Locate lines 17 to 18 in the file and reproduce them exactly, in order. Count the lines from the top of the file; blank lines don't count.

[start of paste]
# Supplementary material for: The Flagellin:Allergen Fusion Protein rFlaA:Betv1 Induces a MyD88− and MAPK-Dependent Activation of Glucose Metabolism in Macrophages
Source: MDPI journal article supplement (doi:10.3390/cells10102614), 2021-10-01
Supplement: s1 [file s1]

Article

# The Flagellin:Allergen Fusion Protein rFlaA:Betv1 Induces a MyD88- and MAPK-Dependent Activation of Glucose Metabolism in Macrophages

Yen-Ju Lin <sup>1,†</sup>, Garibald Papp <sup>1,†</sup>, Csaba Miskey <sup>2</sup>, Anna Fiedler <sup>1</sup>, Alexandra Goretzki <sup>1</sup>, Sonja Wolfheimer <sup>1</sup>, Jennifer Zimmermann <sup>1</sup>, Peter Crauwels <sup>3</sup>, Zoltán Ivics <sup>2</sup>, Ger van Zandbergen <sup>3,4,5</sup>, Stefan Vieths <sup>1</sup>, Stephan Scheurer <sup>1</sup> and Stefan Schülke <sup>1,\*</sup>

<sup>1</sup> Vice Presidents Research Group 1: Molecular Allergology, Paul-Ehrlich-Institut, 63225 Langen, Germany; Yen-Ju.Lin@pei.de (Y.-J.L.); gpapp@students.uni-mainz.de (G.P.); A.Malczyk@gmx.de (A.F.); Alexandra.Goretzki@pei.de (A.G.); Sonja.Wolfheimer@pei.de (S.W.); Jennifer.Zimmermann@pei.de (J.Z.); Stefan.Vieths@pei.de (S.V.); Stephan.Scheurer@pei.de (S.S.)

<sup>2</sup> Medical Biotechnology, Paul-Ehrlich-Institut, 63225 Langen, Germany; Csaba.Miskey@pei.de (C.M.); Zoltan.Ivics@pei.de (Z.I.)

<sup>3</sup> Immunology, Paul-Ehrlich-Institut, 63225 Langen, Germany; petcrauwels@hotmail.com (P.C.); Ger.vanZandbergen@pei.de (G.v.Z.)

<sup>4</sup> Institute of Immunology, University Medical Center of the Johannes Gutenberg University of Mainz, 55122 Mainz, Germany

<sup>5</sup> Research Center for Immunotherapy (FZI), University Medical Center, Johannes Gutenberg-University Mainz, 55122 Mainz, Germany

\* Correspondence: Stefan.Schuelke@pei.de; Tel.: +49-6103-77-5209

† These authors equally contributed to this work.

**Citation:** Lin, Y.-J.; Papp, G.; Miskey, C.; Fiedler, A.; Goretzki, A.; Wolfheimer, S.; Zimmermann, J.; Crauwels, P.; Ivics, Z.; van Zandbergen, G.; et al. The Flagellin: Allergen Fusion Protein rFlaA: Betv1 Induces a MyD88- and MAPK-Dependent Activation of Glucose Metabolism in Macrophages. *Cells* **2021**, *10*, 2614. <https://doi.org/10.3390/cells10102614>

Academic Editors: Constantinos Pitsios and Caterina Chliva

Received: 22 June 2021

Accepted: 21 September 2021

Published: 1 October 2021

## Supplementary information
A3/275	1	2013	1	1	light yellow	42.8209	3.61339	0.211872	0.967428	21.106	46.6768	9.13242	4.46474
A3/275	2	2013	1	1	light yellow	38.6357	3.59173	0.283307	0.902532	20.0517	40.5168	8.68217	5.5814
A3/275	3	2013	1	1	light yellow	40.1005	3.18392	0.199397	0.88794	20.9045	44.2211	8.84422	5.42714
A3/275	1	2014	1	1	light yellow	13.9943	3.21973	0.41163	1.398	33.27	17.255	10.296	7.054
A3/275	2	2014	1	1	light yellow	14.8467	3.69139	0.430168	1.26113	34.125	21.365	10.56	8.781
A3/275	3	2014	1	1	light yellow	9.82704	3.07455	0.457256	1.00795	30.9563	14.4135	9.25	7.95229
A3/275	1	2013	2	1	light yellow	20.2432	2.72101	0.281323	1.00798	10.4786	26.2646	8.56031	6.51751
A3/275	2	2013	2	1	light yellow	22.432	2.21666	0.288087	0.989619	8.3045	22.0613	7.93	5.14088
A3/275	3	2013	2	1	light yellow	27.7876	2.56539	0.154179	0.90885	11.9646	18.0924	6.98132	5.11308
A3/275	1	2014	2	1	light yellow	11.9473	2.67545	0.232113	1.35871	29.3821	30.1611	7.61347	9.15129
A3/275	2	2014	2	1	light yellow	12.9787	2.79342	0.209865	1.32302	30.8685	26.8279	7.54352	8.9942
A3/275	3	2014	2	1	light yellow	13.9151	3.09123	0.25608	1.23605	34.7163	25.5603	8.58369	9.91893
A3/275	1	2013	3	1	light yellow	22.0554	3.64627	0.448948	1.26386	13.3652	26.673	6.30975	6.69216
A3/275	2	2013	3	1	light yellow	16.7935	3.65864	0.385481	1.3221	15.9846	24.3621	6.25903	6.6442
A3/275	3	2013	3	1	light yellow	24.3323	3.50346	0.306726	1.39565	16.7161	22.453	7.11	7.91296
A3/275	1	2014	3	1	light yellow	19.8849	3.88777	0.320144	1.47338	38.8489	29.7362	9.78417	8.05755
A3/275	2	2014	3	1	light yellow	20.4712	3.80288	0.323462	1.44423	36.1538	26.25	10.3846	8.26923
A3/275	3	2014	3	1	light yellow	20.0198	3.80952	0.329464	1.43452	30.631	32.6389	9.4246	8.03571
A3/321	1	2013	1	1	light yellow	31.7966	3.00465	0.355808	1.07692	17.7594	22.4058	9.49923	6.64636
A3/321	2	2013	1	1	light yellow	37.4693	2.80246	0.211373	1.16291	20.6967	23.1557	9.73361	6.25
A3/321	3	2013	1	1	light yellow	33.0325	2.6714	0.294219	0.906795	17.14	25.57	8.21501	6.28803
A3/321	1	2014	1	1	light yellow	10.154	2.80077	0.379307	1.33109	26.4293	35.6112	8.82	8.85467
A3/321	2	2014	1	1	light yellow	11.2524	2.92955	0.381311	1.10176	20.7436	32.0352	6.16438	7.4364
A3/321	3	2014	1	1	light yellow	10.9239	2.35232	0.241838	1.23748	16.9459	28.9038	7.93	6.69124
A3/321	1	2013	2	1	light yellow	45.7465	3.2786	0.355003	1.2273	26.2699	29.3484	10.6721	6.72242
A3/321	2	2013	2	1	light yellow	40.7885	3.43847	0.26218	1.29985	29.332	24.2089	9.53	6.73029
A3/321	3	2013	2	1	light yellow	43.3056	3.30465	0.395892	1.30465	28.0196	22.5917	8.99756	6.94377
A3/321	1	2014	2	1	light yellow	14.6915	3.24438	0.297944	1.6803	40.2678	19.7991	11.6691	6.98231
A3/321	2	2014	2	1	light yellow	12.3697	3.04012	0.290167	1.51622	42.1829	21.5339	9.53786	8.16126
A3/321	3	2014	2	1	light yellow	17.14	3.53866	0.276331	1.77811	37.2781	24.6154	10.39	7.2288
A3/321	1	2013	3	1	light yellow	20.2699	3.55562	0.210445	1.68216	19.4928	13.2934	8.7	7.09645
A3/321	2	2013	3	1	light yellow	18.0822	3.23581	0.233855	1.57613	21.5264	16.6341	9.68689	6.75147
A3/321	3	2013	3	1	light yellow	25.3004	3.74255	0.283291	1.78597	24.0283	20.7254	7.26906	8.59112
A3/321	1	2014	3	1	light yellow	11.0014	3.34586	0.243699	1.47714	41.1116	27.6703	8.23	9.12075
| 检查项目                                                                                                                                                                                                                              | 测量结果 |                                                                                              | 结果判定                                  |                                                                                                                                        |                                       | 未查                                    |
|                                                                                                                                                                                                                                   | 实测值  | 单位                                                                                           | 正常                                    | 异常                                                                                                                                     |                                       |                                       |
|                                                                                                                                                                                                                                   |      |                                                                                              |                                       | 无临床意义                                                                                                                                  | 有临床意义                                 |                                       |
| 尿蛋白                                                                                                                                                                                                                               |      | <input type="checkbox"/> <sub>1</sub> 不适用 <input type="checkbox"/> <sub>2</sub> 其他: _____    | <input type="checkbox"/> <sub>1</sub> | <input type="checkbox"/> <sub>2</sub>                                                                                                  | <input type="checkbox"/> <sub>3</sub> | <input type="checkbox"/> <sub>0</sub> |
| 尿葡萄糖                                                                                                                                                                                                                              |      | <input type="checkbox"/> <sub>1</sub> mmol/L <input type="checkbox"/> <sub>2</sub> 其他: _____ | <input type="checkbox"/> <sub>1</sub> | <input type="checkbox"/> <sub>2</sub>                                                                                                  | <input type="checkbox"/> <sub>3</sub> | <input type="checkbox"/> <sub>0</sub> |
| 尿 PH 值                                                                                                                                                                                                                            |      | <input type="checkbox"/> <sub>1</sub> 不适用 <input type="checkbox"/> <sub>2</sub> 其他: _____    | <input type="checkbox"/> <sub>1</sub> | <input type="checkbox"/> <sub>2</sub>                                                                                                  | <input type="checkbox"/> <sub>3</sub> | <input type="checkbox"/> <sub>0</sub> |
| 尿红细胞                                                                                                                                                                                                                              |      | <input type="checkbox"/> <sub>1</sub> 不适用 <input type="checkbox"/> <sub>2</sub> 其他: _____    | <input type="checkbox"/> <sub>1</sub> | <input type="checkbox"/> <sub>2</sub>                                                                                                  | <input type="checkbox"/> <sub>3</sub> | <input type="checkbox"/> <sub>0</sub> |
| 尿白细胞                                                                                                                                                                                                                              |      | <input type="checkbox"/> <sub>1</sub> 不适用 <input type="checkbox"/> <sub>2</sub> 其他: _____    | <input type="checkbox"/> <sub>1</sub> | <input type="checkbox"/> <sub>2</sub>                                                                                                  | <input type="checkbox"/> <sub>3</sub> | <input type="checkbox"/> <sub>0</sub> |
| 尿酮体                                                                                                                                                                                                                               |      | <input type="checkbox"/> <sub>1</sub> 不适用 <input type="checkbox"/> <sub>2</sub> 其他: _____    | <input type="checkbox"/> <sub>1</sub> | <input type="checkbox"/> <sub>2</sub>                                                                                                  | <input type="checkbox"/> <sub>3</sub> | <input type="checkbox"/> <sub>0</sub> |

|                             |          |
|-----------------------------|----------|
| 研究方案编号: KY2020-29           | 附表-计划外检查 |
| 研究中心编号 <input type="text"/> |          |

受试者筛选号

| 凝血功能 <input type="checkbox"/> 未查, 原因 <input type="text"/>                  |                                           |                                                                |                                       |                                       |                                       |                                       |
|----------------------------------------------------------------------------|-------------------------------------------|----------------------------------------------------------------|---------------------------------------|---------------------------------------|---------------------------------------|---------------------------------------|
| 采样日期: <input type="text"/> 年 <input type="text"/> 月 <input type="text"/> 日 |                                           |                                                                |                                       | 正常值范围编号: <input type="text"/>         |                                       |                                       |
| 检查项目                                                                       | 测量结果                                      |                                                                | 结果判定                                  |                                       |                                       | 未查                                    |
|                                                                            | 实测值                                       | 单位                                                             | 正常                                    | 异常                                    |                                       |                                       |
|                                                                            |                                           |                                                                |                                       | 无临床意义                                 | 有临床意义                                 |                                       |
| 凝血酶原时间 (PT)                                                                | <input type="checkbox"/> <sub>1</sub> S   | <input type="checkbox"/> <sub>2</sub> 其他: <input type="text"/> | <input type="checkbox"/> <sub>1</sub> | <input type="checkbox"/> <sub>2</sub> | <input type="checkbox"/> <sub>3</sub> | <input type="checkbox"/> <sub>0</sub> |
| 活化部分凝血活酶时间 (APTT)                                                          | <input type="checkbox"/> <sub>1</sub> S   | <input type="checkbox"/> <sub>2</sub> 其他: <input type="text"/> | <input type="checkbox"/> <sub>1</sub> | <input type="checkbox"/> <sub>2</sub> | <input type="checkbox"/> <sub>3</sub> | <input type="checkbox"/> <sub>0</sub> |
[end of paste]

Accepted: 21 September 2021

Published: 1 October 2021